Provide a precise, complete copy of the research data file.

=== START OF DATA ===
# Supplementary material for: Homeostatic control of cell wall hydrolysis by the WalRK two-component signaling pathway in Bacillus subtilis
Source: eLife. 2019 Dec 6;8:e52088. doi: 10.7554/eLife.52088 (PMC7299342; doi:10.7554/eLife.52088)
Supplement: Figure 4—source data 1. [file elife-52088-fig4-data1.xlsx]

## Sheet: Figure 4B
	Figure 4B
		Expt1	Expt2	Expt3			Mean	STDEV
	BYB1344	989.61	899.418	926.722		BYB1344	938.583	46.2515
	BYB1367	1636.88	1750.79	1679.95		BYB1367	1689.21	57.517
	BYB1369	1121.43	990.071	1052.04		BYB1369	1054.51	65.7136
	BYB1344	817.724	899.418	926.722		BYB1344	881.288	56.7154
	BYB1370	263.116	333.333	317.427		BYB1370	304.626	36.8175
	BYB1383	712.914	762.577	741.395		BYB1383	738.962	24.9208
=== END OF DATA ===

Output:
# Supplementary material for: Homeostatic control of cell wall hydrolysis by the WalRK two-component signaling pathway in Bacillus subtilis
Source: eLife. 2019 Dec 6;8:e52088. doi: 10.7554/eLife.52088 (PMC7299342; doi:10.7554/eLife.52088)
Supplement: Figure 4—source data 1. [file elife-52088-fig4-data1.xlsx]

## Sheet: Figure 4B
	Figure 4B
		Expt1	Expt2	Expt3			Mean	STDEV
	BYB1344	989.61	899.418	926.722		BYB1344	938.583	46.2515
	BYB1367	1636.88	1750.79	1679.95		BYB1367	1689.21	57.517
	BYB1369	1121.43	990.071	1052.04		BYB1369	1054.51	65.7136
	BYB1344	817.724	899.418	926.722		BYB1344	881.288	56.7154
	BYB1370	263.116	333.333	317.427		BYB1370	304.626	36.8175
	BYB1383	712.914	762.577	741.395		BYB1383	738.962	24.9208